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Better by design

Tanner Fasteners & Industrial Supplies

More space and a better warehouse design help this Brooklyn distributor improve throughput

When we visited Tanner Fasteners & Industrial Supplies two years ago (Industrial Supply, May/June 2017), the Brooklyn-based distributor was bursting at the seams and needed to make some drastic changes to handle the company’s continued growth. The distributor of fasteners and contractor supplies had already invested in newer technologies such as paperless picking to improve efficiencies, but the reality was the company needed more space.

Today, in a larger facility that is only a few miles away from the previous location but a world apart in efficiency, Tanner is reaping the rewards of more space designed for peak performance.

The new building, at 30,000 sq. ft., is not much larger than the combined 28,000 sq. ft. where Tanner formerly operated. The difference is that the company previously used one main building, with long, wide aisles, and rented space for overflow storage across the street. The secondary building was not fully fitted with storage racks and shelving.

Jeff TannenbaumWith no loading docks, loading and unloading was performed street side, and warehouse employees had to dodge traffic between the two buildings. The result was that Tanner tallied frequent overtime costs because the inefficient design slowed down workers.

“We’ve increased our cubic storage in our new location as a large part of the building is racked. We’ve nearly doubled the number of pallet locations,” says company owner Jeff Tannenbaum.

The new facility includes loading docks that have greatly improved receiving and shipping. In addition, delivery trucks can park at the docks overnight. At Tanner’s former location, with insufficient street parking, the trucks were parked in the warehouse every night, occupying space that otherwise could have held inventory. Tannenbaum says it would sometimes take up to four hours to unload a truck from the street, a process that can be completed in the new facility in under an hour.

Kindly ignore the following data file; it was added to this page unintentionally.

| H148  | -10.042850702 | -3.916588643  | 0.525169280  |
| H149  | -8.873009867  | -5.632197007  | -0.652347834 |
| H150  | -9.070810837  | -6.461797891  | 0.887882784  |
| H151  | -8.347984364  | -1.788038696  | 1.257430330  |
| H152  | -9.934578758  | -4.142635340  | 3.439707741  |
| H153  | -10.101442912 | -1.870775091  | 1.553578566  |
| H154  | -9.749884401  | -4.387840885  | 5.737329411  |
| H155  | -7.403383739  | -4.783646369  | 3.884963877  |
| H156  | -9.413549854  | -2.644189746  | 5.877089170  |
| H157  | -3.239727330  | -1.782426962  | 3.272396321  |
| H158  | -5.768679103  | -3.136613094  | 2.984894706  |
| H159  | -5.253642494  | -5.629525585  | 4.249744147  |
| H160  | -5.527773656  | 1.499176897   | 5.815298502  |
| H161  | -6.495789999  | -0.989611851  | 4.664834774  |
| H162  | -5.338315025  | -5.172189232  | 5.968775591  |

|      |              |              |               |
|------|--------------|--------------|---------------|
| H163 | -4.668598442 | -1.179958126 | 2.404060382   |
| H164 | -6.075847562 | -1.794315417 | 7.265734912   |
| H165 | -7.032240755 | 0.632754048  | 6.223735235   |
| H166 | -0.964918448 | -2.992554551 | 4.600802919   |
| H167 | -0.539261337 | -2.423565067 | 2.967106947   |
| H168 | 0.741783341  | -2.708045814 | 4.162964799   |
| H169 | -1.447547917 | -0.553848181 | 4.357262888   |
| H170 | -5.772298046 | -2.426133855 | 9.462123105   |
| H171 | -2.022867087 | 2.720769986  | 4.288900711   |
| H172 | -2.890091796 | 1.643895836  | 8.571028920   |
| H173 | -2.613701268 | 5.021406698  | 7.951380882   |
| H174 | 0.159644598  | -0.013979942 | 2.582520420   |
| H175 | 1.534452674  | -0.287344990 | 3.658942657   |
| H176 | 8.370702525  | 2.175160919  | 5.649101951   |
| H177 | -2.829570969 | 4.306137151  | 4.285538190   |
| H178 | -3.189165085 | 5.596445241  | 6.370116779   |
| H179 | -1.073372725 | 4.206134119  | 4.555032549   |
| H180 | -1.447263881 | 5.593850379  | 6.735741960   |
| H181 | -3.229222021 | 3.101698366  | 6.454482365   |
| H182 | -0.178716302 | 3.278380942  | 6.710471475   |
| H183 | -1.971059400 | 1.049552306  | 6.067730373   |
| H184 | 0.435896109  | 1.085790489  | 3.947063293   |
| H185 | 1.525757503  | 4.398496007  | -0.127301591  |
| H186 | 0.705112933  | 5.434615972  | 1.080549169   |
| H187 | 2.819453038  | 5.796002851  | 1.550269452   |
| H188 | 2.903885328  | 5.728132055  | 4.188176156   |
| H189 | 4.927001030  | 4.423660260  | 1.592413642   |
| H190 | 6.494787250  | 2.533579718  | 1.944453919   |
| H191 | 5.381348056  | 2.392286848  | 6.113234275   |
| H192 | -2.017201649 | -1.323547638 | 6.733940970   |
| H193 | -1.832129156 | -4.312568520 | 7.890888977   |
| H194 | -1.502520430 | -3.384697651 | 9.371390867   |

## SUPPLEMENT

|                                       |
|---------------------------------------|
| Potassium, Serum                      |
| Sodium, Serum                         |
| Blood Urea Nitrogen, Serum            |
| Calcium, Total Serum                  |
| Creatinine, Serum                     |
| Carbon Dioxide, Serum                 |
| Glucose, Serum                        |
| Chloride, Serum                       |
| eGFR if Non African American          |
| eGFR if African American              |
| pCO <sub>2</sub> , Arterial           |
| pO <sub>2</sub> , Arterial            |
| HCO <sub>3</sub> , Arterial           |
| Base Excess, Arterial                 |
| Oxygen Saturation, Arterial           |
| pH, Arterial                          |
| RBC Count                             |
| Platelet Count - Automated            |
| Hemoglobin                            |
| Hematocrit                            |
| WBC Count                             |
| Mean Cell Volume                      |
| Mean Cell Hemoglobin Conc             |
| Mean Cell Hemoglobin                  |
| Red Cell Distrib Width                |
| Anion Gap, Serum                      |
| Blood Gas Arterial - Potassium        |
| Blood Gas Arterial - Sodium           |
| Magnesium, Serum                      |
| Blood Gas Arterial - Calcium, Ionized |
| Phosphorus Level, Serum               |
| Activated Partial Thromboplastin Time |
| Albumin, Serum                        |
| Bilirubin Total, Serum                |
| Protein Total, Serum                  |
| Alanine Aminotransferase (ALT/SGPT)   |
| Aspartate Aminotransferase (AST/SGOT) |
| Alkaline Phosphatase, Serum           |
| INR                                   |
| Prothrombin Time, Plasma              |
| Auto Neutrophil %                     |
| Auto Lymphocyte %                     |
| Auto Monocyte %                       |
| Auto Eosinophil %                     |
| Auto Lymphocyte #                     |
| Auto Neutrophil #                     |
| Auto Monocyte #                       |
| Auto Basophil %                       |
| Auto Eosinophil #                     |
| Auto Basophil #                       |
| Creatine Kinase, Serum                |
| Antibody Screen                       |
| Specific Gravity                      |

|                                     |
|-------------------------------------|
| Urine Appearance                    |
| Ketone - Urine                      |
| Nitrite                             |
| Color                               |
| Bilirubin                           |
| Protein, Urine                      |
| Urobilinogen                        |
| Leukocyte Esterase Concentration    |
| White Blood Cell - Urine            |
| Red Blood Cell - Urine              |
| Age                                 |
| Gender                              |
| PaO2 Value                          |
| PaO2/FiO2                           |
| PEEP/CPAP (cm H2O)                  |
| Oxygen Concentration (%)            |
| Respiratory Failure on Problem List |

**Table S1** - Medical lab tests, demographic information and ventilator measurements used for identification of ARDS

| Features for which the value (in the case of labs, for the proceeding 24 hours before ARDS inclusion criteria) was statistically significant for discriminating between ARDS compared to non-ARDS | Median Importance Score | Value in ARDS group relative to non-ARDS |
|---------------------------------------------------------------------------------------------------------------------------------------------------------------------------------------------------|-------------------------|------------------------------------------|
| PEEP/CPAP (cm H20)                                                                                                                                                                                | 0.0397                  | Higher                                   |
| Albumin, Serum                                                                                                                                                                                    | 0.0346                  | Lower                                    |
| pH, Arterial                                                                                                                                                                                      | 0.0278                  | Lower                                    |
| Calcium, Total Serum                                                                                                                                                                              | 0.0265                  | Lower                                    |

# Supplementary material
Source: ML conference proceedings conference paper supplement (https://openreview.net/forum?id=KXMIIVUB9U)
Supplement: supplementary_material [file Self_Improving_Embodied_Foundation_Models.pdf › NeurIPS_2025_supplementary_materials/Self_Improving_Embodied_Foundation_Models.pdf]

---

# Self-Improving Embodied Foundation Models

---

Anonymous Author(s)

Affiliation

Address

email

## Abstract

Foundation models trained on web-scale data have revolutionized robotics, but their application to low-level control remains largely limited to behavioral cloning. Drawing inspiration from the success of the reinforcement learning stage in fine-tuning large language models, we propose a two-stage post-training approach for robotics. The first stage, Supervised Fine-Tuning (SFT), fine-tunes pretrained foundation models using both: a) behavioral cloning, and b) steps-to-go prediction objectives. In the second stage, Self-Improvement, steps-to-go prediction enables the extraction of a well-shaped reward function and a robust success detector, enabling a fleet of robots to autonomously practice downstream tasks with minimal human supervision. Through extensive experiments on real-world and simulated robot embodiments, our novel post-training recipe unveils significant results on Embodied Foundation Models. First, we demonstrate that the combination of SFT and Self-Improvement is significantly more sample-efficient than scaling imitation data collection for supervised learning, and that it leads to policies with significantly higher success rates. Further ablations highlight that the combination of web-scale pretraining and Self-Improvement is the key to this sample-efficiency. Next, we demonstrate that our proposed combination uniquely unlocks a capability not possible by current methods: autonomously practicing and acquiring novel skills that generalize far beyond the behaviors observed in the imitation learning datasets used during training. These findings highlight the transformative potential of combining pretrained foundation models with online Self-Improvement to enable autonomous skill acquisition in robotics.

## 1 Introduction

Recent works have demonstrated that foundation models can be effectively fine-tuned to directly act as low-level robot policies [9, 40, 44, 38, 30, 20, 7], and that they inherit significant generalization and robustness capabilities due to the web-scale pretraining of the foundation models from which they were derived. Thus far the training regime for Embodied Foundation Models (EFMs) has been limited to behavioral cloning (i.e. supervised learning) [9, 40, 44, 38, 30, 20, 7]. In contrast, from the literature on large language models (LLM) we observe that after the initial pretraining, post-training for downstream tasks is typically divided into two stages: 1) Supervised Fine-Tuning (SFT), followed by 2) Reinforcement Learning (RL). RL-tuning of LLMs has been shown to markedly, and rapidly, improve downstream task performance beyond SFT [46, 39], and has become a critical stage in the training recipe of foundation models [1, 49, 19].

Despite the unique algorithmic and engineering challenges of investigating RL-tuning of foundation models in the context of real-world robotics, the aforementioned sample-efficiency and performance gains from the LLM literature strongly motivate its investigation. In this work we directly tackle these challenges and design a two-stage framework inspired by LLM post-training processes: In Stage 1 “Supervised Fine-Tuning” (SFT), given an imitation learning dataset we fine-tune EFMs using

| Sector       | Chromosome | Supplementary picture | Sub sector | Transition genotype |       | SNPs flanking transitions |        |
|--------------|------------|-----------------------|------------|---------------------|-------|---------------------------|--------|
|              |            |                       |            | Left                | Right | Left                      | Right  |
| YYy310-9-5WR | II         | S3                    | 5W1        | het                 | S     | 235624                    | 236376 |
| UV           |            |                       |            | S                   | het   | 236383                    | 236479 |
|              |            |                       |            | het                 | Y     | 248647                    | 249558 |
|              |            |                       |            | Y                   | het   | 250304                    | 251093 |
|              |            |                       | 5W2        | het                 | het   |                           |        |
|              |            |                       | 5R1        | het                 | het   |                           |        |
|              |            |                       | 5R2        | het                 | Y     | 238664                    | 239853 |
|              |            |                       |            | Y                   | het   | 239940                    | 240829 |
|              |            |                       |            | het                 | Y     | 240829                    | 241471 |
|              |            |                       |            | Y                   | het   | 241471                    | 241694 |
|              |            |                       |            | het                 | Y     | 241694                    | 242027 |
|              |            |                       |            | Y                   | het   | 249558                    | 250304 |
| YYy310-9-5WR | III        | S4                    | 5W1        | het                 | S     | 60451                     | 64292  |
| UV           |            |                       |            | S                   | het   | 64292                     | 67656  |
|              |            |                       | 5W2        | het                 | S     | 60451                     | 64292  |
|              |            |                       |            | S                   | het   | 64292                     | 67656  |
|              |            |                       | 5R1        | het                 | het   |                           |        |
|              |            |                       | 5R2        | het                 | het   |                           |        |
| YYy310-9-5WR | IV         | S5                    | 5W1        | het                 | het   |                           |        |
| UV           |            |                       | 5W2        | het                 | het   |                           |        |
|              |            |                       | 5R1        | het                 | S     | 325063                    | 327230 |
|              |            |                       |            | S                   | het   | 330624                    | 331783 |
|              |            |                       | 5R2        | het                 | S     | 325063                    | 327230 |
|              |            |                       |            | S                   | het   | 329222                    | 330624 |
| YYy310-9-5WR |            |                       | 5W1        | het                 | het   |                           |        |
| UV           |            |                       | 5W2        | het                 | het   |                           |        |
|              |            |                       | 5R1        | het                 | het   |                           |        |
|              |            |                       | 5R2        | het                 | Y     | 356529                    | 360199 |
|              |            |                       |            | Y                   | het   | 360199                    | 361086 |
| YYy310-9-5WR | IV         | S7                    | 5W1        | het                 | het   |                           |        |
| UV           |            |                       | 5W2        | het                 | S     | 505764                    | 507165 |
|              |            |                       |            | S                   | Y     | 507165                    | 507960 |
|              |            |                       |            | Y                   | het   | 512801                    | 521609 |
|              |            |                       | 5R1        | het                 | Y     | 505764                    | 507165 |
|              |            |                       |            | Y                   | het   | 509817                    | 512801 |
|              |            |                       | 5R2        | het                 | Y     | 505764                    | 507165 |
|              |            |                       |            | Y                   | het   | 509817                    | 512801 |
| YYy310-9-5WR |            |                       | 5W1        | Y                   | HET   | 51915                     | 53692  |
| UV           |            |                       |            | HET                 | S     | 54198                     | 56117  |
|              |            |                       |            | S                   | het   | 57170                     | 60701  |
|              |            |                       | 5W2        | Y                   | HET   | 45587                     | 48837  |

Reimagining work flow
Moving into a new building after occupying another facility for 21 years enabled Tanner to reimagine its warehouse design. Tannenbaum asked MCA Associates (, a management consulting firm that focuses on operational excellence, to help redesign the facility and manage the project. MCA Associates principal Howard Coleman suggested ideas such as narrow aisle design, zone picking and high-velocity pick zones and flow-racking.

Bendi forkliftIn the new facility, most racks are spaced just seven feet apart, compared to 12-foot aisles in the old building. The narrow-aisle design enables more storage shelves in a smaller footprint. A newly acquired Bendi articulated forklift truck can turn at a 90-degree angle, requiring less space to maneuver than larger forklifts, and eliminating the need to lift a pallet straight up.

In addition, since the company also utilizes zone picking, each worker is assigned to a particular zone. A single order might be pulled by multiple people, each pulling product from within their zone. The process means each worker walks fewer steps throughout the day and, because their area of operation is narrowly defined, they become more familiar with the items picked each day, reducing errors.

“So, three different people might be picking an order and then they’ll bring it to a consolidation area, combining it all together for that one order,” Tannenbaum says.

Tanner also instituted split shifts to increase efficiency. The early morning shift focuses on put-away and cycle counting and the midday shift is responsible for picking and shipping.

Employees receive orders via handheld scanner; paper has been eliminated.

“We don’t do any paper picking at all. The only time we use paper is after the order is consolidated and we print a packing list to include with the order,” Tannenbaum says.

The new warehouse design also takes into consideration the locations where products are stocked. Fastest moving items are kept on the floor or on shelves that pickers can easily reach from the floor, while slower moving items are placed on higher shelves. It takes less time to pick an item from the floor than it does to pick higher up items using an order picker.

The new warehouse also uses a “high-velocity” aisle. Based on a hit ranking pulled from Tanner’s Prophet 21 ERP system, these items are located in one main aisle and are easily accessible.

“About 45 percent of our picks are coming from the high-velocity aisle,” Tannenbaum says. “One person is picking nearly half of the items every day from that high-velocity aisle.”

As a result of the changes implemented at the new location, Tannenbaum says overtime has been nearly eliminated despite no increases in staffing levels. Meanwhile, sales have grown from slightly under $25 million annually in 2016 to about $29 million today.

This article originally appeared in the July/August 2019 issue of Industrial Supply magazine. Copyright 2019, Direct Business Media.


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